Resources

Anti-Racism

No one is born racist or antiracist; these result from the choices we make. Being antiracist results from a conscious decision to make frequent, consistent, equitable choices daily. These choices require ongoing self-awareness and self-reflection as we move through life. In the absence of making antiracist choices, we (un)consciously uphold aspects of white supremacy, white-dominant culture, and unequal institutions and society. Being racist or antiracist is not about who you are; it is about what you do. - National Museum of African American History and Culture
 
This handout is from the "Racial Healing Handbook: Practical Activities to Help You Challenge Privilege, Confront Systemic Racism, and Engage in Collective Healing" by Anneliese A. Singh, Ph.D., LPC.

A collaboration between The Guardian and American University’s Antiracist Research and Policy Center, this is an ongoing series that sheds light on the structures at the root of racial inequities.

Understanding racism and its roots, questioning our own privilege and biases, and slowly dismantling those systems and beliefs internally and in our schools is a life-long process. By Christina Torres.

A powerful and practical guide by Dr. Anneliese A. Singh to help you navigate racism, challenge privilege, manage stress and trauma, and begin to heal. Healing from racism is a journey that often involves reliving trauma and experiencing feelings of shame, guilt, and anxiety. This journey can be bumpy ride, and before we begin healing, we need to gain an understanding of the role history plays in racial/ethnic myths and stereotypes.

From Racial Equity Tools, this is a glossary of the types of racism.
 
Written by Nicki Lisa Cole, Ph.D, the school-to-prison pipeline is a process through which students are pushed out of schools and into prisons. In other words, it is a process of criminalizing youth that is carried out by disciplinary policies and practices within schools that put students into contact with law enforcement.
 
 

Implicit Bias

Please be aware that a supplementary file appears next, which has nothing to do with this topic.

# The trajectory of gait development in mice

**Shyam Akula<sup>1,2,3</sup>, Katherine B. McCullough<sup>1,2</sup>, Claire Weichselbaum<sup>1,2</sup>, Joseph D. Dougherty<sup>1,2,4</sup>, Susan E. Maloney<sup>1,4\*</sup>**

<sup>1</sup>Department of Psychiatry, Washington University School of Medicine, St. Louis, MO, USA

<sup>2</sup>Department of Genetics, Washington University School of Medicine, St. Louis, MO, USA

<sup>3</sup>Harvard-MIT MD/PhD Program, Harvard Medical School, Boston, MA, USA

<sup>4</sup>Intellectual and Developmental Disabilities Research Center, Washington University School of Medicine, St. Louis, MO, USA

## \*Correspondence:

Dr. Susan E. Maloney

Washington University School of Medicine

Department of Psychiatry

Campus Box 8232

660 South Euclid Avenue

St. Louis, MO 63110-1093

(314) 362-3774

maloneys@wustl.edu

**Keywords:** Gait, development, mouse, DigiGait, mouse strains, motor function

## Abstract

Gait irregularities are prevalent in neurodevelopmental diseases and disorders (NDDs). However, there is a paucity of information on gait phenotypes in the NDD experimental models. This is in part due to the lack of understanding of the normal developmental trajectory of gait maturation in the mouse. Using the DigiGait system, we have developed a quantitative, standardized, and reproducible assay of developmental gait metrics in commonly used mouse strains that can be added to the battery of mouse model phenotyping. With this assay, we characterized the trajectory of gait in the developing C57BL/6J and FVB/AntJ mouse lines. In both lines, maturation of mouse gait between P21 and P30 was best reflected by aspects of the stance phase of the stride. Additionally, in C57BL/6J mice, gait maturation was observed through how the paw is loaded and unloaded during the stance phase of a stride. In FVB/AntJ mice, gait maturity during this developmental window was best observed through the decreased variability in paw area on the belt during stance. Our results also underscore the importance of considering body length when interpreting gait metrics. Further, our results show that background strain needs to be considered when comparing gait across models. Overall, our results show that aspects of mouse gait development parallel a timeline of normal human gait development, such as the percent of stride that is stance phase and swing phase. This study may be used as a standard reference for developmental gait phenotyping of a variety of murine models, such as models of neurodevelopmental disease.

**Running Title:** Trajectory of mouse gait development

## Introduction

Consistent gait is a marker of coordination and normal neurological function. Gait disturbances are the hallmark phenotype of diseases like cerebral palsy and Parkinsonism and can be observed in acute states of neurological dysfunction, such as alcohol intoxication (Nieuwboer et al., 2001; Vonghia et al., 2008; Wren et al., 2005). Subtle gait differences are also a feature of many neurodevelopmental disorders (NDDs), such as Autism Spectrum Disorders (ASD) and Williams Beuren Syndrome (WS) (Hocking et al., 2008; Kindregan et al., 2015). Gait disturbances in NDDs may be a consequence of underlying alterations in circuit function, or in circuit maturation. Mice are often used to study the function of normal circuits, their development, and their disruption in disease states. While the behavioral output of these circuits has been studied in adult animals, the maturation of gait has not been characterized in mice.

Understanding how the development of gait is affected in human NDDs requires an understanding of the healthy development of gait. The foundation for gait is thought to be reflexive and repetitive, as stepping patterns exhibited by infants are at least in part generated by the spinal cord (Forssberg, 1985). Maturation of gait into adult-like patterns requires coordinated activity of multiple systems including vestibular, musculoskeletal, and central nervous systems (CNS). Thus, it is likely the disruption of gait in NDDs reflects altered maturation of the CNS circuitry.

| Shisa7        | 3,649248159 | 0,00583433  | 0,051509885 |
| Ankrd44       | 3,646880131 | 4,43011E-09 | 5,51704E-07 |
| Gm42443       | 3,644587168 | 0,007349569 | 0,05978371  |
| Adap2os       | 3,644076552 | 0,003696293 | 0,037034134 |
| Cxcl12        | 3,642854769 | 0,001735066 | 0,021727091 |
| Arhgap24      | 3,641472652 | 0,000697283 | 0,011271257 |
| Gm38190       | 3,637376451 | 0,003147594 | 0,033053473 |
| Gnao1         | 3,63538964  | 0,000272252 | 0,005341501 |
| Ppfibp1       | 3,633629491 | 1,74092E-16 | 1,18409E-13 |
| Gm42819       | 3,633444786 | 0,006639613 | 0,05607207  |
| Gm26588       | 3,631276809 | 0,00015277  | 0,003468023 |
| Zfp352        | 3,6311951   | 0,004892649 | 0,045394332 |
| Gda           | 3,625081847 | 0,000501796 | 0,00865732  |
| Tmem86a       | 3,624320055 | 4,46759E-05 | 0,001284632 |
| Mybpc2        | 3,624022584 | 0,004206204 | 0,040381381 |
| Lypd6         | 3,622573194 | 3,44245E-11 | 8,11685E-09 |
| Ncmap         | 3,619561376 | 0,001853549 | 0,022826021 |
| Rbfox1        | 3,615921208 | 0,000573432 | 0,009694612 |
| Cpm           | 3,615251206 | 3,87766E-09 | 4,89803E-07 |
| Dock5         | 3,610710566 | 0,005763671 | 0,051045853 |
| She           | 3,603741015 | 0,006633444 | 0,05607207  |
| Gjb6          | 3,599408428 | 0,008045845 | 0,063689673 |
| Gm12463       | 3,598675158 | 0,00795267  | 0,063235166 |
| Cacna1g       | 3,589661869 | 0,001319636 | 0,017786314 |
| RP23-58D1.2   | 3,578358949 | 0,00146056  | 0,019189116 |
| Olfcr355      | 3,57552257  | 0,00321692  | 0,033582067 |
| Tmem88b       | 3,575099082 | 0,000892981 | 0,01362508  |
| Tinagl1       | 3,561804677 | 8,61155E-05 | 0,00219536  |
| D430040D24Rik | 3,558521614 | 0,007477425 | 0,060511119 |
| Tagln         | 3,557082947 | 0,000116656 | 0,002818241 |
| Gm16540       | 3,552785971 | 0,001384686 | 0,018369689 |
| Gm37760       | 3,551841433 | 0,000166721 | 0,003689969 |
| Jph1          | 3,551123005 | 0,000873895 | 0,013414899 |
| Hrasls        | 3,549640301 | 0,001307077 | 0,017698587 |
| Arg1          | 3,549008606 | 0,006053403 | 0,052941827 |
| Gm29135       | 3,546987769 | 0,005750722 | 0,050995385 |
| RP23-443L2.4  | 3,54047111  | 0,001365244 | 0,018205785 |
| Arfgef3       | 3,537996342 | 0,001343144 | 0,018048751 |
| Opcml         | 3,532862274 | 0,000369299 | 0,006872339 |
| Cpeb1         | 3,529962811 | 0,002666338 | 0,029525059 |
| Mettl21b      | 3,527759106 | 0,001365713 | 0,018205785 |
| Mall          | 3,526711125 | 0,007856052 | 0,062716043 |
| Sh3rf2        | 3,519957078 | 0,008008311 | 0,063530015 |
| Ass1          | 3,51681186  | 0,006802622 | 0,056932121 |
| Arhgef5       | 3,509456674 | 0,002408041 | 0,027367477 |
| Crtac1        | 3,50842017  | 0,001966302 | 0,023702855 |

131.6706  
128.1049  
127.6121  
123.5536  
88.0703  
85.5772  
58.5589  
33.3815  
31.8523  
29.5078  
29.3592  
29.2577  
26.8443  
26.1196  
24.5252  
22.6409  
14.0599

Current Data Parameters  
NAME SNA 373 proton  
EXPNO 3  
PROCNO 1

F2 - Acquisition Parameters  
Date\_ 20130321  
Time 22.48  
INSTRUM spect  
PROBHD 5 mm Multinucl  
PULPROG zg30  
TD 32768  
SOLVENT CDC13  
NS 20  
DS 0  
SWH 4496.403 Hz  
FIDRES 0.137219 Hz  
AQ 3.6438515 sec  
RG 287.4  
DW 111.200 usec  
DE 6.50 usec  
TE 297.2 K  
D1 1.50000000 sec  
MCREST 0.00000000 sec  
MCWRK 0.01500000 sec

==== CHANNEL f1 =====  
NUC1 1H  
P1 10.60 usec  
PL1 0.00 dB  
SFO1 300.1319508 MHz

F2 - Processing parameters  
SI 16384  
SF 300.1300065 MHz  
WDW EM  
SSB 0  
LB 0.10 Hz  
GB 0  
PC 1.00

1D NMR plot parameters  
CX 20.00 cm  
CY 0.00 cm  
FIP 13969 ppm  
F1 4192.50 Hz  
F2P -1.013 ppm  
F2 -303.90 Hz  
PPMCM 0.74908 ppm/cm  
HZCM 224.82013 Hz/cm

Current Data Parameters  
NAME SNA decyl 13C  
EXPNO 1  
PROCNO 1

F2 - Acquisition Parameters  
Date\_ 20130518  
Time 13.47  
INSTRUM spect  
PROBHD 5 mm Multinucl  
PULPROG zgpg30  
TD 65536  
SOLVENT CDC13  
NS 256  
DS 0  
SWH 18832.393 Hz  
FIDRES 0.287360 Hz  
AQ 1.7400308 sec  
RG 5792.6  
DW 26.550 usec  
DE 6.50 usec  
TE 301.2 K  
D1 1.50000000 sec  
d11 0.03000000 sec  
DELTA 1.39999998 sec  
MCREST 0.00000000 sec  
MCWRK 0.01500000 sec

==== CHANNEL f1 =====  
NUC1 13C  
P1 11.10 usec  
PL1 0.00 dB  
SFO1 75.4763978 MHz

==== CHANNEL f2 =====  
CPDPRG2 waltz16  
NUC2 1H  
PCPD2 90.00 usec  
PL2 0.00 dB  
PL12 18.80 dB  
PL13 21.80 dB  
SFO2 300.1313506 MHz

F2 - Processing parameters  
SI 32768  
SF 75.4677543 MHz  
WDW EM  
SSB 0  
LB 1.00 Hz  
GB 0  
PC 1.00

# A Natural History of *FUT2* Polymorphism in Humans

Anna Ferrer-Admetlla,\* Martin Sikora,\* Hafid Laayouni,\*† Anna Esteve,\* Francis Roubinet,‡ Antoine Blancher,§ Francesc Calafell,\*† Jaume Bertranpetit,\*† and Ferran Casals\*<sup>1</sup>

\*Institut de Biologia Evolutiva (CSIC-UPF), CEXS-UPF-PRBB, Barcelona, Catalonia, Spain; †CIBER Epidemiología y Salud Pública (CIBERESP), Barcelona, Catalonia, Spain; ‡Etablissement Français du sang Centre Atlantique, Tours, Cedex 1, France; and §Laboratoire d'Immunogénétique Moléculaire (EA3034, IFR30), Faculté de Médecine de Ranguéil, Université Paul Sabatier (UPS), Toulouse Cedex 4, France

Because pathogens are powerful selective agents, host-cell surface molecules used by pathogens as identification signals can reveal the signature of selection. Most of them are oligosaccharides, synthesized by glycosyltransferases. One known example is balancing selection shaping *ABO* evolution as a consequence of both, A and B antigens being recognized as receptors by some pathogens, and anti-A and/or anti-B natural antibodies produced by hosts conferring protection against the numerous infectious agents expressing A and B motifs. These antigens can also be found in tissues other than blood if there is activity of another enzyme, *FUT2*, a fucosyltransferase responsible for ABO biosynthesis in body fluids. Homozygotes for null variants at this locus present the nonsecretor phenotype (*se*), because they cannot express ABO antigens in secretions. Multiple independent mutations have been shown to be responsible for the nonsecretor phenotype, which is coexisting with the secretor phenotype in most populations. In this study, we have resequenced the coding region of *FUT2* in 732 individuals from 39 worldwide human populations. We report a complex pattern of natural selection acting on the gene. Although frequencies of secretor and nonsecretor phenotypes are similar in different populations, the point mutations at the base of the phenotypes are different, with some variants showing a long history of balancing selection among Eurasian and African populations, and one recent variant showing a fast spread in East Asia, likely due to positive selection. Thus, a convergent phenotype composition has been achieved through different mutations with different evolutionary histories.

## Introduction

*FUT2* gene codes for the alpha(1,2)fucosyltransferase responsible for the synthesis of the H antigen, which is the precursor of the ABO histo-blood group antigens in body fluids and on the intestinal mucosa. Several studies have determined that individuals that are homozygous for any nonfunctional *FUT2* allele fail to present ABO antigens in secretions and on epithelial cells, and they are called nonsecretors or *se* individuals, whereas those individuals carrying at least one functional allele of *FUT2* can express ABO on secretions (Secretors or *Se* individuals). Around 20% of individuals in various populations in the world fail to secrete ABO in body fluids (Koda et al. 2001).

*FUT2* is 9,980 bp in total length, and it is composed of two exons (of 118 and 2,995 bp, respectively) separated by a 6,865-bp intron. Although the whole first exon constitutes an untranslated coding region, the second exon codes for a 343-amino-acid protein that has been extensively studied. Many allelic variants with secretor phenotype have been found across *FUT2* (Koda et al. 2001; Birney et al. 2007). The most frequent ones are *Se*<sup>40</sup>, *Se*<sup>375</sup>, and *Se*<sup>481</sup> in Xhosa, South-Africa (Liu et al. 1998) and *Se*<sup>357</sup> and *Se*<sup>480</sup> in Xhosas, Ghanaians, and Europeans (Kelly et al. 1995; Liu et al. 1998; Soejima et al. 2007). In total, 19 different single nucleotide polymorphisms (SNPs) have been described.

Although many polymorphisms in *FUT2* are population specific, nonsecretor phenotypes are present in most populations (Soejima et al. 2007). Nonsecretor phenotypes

"Implicit bias (also referred to as unconscious bias) is the process of associating stereotypes or attitudes towards categories of people without conscious awareness - which can result in actions and decisions that are at odds with one’s intentions or explicit values. This can lead us to make biased and unfair decisions regarding who we hire for a job or select for a promotion, which classes we place students into and who we send out of the classroom for behavior infractions, and which treatment options we make available to patients." - National Equity Project

Implicit Bias: Peanut Butter, Jelly and Racism
What is implicit bias? NYT/POV’s Saleem Reshamwala unscrews the lid on the unfair effects of our subconscious.

Washington Post reporter Valerie Straus reveals findings in a government report detailing the unequal treatment of black boys in school.

To reduce implicit bias, build friendships that cross the racial divide. Sound too easy to work? Researchers beg to differ. Worst case, you have more friends.

By Kathleen Osta and Hugh Vasquez, From the National Equity Project

TEDx Talk with Verna Myers. Our biases can be dangerous, even deadly – as we’ve seen in the cases of Michael Brown in Ferguson, Missouri, and Eric Garner, in Staten Island, New York. Diversity advocate Verna Myers looks closely at some of the subconscious attitudes we hold toward out-groups. She makes a plea to all people: Acknowledge your biases. Then move forward, not away from, the groups that make you uncomfortable. In a funny, impassioned, important talk, she shows us how. 

Additional Resources

Workbook for Educators
This WORKbook guides educators through reflections about the school year and prompts visualization for the fall, all the while steeping us, collectively, in anti-racism work.

Multicultural Education vs Anti-Racist Education: The Debate in Canada
A debate is taking place about the comparative meaning and merits of multicultural education and anti-racist education. The concept of multicultural education has been accused of being inadequate, naïve, and fallacious. It is said to fail to confront minority grievances and aspirations (Banks and McGee-Banks 1989). National Council for the Social Studies.

The Power Shift Project Handout: Do You Qualify As An Ally? 10 (of many) Ways to Earn That Distinction


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